You are looking at 1 - 10 of 23 items for :

  • Type: Journal Issue x
  • Banks; Depository Institutions; Micro Finance Institutions; Mortgages x
  • Financial Risk Management x
  • Financial Economics x
  • Financial Crises x
  • Financial crises x
Clear All Modify Search
Jihad Dagher
Financial crises are traditionally analyzed as purely economic phenomena. The political economy of financial booms and busts remains both under-emphasized and limited to isolated episodes. This paper examines the political economy of financial policy during ten of the most infamous financial booms and busts since the 18th century, and presents consistent evidence of pro-cyclical regulatory policies by governments. Financial booms, and risk-taking during these episodes, were often amplified by political regulatory stimuli, credit subsidies, and an increasing light-touch approach to financial supervision. The regulatory backlash that ensues from financial crises can only be understood in the context of the deep political ramifications of these crises. Post-crisis regulations do not always survive the following boom. The interplay between politics and financial policy over these cycles deserves further attention. History suggests that politics can be the undoing of macro-prudential regulations.
Sheheryar Malik and Ms. TengTeng Xu
Interconnectedness among global systemically important banks (GSIBs) and global systemically important insurers (GSIIs) has important financial stability implications. This paper examines connectedness among United States, European and Asian GSIBs and GSIIs, using publicly-available daily equity returns and intra-day volatility data from October 2007 to August 2016. Results reveal strong regional clusters of return and volatility connectedness amongst GSIBs and GSIIs. Compared to Asia, selected GSIBs and GSIIs headquartered in the United States and Europe appear to be main sources of market-based connectedness. Total system connectedness—i.e., among all GSIBs and GSIIs—tends to rise during financial stress, which is corroborated by a balance sheet oriented systemic risk measure. Lastly, the paper demonstrates significant influence of economic policy uncertainty and U.S. long-term interest rates on total connectedness among systemically important institutions, and the important role of bank profitability and asset quality in driving bank-specific return connectedness.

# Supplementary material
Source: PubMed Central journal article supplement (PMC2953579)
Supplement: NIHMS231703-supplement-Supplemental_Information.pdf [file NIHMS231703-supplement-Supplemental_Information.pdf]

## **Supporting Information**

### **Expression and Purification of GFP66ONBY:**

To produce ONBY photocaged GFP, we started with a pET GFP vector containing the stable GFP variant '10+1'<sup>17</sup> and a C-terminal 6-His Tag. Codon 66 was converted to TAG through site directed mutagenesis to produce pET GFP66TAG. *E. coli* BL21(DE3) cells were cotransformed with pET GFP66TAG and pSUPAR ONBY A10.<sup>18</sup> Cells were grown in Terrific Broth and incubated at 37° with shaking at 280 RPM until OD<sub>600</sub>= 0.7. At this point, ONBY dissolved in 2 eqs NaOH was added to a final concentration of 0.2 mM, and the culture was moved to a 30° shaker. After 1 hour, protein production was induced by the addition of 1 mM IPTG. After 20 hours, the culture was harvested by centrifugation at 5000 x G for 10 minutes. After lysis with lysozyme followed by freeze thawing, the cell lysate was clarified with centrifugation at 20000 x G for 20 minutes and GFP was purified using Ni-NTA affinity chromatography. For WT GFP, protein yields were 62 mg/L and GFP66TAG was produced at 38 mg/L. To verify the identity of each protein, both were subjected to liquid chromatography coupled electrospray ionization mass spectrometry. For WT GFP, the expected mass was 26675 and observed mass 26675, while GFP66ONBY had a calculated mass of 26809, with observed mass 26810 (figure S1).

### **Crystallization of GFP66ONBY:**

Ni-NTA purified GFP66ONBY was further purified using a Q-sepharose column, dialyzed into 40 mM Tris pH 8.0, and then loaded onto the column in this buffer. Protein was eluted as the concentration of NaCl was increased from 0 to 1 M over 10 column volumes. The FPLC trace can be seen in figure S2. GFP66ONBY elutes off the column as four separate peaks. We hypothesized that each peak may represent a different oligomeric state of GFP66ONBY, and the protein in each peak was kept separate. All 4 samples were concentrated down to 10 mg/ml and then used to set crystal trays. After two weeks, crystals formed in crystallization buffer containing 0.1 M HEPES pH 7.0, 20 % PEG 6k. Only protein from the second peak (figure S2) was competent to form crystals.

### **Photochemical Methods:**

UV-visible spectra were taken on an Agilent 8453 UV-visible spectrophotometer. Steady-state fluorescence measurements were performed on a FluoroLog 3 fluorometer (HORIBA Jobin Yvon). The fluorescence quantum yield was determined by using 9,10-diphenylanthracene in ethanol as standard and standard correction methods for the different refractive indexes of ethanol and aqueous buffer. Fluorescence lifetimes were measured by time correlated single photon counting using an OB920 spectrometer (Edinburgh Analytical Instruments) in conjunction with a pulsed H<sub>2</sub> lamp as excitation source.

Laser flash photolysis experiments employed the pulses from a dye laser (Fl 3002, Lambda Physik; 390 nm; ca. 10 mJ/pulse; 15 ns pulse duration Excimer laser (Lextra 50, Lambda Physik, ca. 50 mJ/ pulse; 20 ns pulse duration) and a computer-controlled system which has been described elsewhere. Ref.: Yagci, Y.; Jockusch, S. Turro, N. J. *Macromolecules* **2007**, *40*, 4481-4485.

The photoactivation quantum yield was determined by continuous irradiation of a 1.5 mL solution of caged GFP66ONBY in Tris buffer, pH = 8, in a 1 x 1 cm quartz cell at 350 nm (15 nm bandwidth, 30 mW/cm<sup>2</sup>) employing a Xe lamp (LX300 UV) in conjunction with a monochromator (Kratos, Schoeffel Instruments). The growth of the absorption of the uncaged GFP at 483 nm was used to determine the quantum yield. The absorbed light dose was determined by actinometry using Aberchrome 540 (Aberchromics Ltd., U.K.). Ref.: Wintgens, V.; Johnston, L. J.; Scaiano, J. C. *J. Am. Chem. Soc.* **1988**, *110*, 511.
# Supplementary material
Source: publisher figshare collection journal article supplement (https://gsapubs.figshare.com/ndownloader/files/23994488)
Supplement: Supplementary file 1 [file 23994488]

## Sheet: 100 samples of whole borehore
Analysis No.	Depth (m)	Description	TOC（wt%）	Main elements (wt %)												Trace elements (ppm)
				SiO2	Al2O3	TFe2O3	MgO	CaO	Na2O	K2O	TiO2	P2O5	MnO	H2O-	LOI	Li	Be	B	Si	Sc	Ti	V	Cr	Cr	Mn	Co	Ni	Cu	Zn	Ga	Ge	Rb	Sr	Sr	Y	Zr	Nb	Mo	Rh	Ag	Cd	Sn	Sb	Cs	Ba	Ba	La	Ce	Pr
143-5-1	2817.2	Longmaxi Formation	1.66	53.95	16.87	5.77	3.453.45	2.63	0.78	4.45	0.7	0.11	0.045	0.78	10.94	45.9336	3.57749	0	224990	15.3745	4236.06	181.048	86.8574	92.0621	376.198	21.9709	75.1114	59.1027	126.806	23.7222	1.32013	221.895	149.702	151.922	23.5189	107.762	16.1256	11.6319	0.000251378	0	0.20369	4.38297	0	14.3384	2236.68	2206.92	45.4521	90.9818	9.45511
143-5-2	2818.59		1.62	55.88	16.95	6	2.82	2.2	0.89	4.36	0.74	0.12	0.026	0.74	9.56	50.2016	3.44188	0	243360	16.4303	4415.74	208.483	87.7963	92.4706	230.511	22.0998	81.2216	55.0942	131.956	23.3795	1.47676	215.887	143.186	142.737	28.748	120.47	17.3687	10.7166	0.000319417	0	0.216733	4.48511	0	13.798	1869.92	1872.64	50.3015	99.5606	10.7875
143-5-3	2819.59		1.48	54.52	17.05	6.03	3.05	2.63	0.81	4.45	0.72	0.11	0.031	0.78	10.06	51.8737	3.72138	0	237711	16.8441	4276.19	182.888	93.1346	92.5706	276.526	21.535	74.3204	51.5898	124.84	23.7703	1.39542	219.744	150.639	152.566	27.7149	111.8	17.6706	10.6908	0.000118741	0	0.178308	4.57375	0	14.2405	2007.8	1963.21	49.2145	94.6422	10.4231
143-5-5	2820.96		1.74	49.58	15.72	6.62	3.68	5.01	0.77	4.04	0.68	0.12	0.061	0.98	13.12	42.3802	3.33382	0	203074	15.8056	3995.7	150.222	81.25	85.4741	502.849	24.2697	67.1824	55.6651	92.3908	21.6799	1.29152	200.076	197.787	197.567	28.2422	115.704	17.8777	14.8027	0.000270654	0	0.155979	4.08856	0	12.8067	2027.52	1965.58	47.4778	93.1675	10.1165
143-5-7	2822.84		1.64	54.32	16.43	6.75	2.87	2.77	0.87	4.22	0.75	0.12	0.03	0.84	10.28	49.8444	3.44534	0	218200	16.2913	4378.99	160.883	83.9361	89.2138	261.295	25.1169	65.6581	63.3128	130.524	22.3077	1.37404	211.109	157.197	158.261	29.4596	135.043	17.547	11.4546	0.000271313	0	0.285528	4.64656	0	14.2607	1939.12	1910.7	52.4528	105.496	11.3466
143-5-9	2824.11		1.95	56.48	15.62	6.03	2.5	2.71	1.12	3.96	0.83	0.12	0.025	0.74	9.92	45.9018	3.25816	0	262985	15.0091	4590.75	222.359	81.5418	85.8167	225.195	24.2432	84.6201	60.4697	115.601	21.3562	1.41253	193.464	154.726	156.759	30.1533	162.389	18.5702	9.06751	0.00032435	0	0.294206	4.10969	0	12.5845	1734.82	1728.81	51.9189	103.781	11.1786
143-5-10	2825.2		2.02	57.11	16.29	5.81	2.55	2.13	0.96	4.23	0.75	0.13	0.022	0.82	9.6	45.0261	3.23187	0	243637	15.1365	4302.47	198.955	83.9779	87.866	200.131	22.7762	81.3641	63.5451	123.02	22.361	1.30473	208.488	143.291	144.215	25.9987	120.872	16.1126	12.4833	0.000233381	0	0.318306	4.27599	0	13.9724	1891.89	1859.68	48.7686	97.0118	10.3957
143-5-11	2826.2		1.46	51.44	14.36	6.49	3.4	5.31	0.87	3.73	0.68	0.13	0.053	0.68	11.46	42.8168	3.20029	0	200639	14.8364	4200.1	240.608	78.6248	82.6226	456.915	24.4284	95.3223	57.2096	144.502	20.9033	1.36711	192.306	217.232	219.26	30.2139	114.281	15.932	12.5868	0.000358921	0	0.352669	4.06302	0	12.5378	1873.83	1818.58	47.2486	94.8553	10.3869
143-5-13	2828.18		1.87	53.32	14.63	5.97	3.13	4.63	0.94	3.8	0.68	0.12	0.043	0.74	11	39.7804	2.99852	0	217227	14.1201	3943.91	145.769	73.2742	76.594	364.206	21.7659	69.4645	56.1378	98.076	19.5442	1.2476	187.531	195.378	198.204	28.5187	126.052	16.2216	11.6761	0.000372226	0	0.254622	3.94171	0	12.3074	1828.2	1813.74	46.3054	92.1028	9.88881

Moisés J. Schwartz and Shinji Takagi


This volume book brings together nine background papers prepared for an evaluation by the IMF Independent Evaluation Office of “the IMF and the crises in Greece, Ireland, and Portugal.” It presents an authoritative work on the evolving relationship between the IMF and the euro area, a common currency area founded in 1999 consisting of advanced, highly integrated economies in Europe. The euro area, or any common currency area for that matter, has posed challenges to the IMF’s operational activities as its Articles of Agreement contain no provision for joint membership. The challenges became intense when a series of crises erupted in Greece, Ireland, and Portugal from 2009 to 2011, and the Fund was called upon to help intervene by offering its financing and crisis management expertise. The IMF found itself in uncharted territory where there was no precedent or established procedure. The chapters, many of which are prepared by prominent academics and former senior IMF officials who are thoroughly familiar with internal procedures, discuss various aspects of the IMF’s engagement with the euro area, including precrisis surveillance, how key decisions were made, how the IMF collaborated with European institutions, and how it designed and implemented its lending programs with the three crisis countries. The book gives prominence to governance-related issues, given the large voting share (of more than 20 percent) within the IMF of euro area members and the subsequent public perception that the IMF treated the euro area more favorably than it does developing and emerging market members. The approaches are both cross-cutting and country-based. Some chapters deal with issues related to the euro area as a whole, while others focus on how the Fund engaged with individual euro area countries. The book contains a statement on the IEO evaluation by the IMF Managing Director and a Summing Up of the Executive Board discussion held in July 2016.